Home to over a hundred different cultural groups, cuisine and food from Tanzania has grown to encompass a wide range of flavors and ingredients from all over the world. In addition to its stunning national parks, animals, and beaches, the country is rich in heritage and culture which is also reflected in traditional Tanzania food.
Famous for being the host of Mount Kilimanjaro (Africa’s tallest mountain), Tanzania has breathtaking landscapes, unique cuisines, and its people are delightfully welcoming and friendly.
Here, you’ll briefly learn about what makes Tanzania food so special, the most mouth-watering and popular traditional dishes, and the best street foods and dessert snacks you won’t want to miss.
What Makes Tanzania Food Special?
Tanzania has over a hundred ethnic groups, so you can expect a wide range of dishes. Many dishes on the coast are prepared with coconut milk and spices. Some of the spices used for traditional foods in Tanzania include saffron, cardamom, cinnamon, and cloves, among others.
Tanzanian cuisine reflects the country’s history as well as its location. It has developed to embrace Indian and Arabic flavors with the introduction of Arab merchants on East Coast trade routes and the settling of Indian families in the 19th century. With recipes bursting with flavor and spice, the main components are plantains, coconut, rice, and cornmeal.
A few etiquette guidelines and cultural facts about Tanzania dining: first, don’t sniff your food. Sniffing something usually indicates that it is rotten or unpleasant, therefore inhaling your food is an insult to the cook. Second, it is considered impolite to decline refreshments provided at someone’s home. Even if you are not hungry, you must accept a small slice or drink.
Most Famous Food From Tanzania
Ugali Na Maharage Ya Nazi (Maize Meal And Beans Cooked In Coconut Milk)
When thinking about the national foods of Tanzania, Ugali Na Maharage Ya Nazi is at the heart of tradition. Simple ingredients have never tasted so good. Made with maize meal and beans cooked in coconut milk, you’ll notice Tanzania food features beans, coconut, and ugali (maize meal) as the core ingredients in a lot of the cultural dishes.
This starchy dough side dish is used alongside many traditional Tanzanian foods that include meat or vegetable stews. Tanzanians often scoop some ugali with their hands and crush it into a little ball, which is then dipped into the main meal and eaten simultaneously.
Ugali is more than a flavor; it is a culture in and of itself.
Popular Traditional Tanzania Food
Kuku Paka (Coconut Milk Chicken)
Kuku Paka is a Swahili term and a melting pot influenced by 3 well-known cultural cuisines: Indian, Arab, and African flavors. The name ‘Kuku’ translated into English means ‘chicken’ and ‘Paka’ is defined in English as ‘spread’. Food from Tanzania is known for its richness and multicultural aspects, and Kuku Pka is a great example of a dish that has its roots in other nations.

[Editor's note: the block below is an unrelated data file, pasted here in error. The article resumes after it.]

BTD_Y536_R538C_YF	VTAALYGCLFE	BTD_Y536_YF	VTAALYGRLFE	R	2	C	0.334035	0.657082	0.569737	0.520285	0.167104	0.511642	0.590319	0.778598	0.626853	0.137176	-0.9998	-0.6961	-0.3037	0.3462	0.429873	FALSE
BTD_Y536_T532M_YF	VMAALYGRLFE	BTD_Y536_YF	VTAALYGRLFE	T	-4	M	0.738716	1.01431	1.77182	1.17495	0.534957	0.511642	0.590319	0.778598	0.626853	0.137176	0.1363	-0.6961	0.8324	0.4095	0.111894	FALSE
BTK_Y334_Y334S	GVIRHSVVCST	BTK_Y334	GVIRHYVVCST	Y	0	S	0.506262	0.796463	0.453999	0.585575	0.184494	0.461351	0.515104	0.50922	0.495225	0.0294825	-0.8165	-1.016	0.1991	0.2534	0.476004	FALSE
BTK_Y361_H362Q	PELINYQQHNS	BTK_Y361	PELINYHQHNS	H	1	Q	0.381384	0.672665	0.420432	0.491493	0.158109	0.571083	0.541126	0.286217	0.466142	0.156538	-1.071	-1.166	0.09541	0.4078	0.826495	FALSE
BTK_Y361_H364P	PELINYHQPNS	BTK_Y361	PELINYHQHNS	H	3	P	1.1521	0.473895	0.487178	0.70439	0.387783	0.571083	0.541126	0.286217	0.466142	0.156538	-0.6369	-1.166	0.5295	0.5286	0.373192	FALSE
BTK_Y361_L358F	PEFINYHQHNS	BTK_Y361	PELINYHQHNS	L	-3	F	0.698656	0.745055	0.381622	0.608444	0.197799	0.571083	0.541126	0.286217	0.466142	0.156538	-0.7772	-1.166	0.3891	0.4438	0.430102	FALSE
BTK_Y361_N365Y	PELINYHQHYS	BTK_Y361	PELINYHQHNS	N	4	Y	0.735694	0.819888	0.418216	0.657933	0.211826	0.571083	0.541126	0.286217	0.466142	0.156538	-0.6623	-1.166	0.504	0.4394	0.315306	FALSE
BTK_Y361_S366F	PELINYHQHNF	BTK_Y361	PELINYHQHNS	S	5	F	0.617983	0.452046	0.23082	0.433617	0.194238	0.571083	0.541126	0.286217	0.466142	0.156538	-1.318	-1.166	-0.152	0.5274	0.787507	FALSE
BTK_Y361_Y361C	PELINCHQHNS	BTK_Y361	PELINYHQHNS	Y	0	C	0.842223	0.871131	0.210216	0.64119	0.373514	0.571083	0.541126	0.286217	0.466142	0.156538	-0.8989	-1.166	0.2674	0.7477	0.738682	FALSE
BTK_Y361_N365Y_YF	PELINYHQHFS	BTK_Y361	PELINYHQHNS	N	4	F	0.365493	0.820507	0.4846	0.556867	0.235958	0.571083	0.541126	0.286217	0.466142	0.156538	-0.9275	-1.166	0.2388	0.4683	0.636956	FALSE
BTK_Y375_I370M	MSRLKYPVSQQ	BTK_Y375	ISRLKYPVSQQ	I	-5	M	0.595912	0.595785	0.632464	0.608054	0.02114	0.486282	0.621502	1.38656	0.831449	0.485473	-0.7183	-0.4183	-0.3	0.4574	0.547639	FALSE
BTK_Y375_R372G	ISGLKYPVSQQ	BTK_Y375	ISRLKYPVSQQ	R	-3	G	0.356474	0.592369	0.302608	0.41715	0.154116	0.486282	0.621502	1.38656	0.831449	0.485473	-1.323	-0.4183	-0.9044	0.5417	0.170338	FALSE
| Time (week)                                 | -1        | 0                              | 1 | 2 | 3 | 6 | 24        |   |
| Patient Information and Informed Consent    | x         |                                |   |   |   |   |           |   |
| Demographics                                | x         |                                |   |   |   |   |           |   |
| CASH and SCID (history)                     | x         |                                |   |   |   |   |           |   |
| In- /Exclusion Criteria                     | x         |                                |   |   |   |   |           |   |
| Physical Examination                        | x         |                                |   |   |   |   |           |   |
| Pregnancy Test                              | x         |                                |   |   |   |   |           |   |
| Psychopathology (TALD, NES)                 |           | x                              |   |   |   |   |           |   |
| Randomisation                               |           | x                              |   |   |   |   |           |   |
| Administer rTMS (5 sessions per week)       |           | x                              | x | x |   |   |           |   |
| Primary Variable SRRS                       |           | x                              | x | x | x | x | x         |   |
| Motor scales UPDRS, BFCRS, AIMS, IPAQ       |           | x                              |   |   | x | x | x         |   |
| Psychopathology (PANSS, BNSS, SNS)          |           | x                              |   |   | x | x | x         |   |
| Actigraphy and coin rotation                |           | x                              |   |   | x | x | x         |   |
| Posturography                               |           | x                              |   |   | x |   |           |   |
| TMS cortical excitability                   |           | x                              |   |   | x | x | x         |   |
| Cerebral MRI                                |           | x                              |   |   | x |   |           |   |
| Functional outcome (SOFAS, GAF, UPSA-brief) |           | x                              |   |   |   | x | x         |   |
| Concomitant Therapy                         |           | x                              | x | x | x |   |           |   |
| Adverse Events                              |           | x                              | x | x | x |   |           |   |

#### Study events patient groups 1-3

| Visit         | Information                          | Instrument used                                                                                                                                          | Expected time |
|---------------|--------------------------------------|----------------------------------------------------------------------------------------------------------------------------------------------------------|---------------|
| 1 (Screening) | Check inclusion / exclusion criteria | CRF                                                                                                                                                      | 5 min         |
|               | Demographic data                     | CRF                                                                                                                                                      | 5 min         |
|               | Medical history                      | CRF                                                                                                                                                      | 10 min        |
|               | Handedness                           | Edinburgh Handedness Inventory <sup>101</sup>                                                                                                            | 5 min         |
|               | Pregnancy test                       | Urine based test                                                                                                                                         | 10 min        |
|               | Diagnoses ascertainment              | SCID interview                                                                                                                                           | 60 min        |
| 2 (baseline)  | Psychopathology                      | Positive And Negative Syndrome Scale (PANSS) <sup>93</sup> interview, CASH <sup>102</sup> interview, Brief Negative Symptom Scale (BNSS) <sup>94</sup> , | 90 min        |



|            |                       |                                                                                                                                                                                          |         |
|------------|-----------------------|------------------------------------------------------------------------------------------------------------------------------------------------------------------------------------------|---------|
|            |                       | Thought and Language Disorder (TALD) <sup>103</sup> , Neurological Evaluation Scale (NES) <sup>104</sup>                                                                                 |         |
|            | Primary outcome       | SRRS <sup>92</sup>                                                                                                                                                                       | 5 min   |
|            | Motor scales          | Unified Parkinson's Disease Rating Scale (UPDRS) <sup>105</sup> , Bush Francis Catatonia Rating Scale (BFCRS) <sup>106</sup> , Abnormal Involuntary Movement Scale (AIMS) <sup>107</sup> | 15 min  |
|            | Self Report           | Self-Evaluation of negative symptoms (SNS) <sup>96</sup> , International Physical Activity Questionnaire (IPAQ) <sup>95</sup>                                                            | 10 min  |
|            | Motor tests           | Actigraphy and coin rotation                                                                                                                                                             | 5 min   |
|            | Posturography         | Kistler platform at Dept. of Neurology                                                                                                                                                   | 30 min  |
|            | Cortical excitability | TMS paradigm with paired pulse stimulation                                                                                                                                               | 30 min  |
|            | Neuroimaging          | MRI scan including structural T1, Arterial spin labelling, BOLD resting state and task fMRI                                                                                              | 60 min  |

This mouth-watering Tanzania food is made with chicken and coconut, and the rich flavor of the broth produced from coconut milk will captivate you. The smokey flavor of the char-grilled chicken is what makes this dish so popular, but you can also substitute meat with prawns or seafood.
Mchemsho (Boiled Mixed Veggies)
Mchemsho is a traditional Tanzania food dish from Northern Tanzania consisting of a variety of ingredients such as potatoes, carrots, green beans, tomatoes, bananas, sweet peppers, and a wide range of spices.
The vegetables in Mchemsho are then combined with meat or fish to make a full and wonderful meal. Mchemsho is integral to Tanzanian cuisine and is considered a special dish made for special occasions, since it is quite expensive compared to other dishes in the country, as it involves a wide range of ingredients.
Kachumbari (Tomato And Onion Salad)
When you talk about food from Tanzania, any local will remind you of Kachumbari. It is a classic Tanzanian salad composed of diced tomatoes, onions, and chili peppers. Salads are often served as a side dish with meat or fish and are an excellent way to add flavor to your dinner. Kachumbari is also commonly used as a seasoning for East African pilau rice.
The foundation of kachumbari is usually tomatoes and onions. However, cilantro, avocado, and cucumber are frequently added to the dish. This salad goes wonderfully with a simple dressing of your preference and is often served with other foods to balance out a meal in Tanzanian cuisine.
Mandazi (Fried Bread)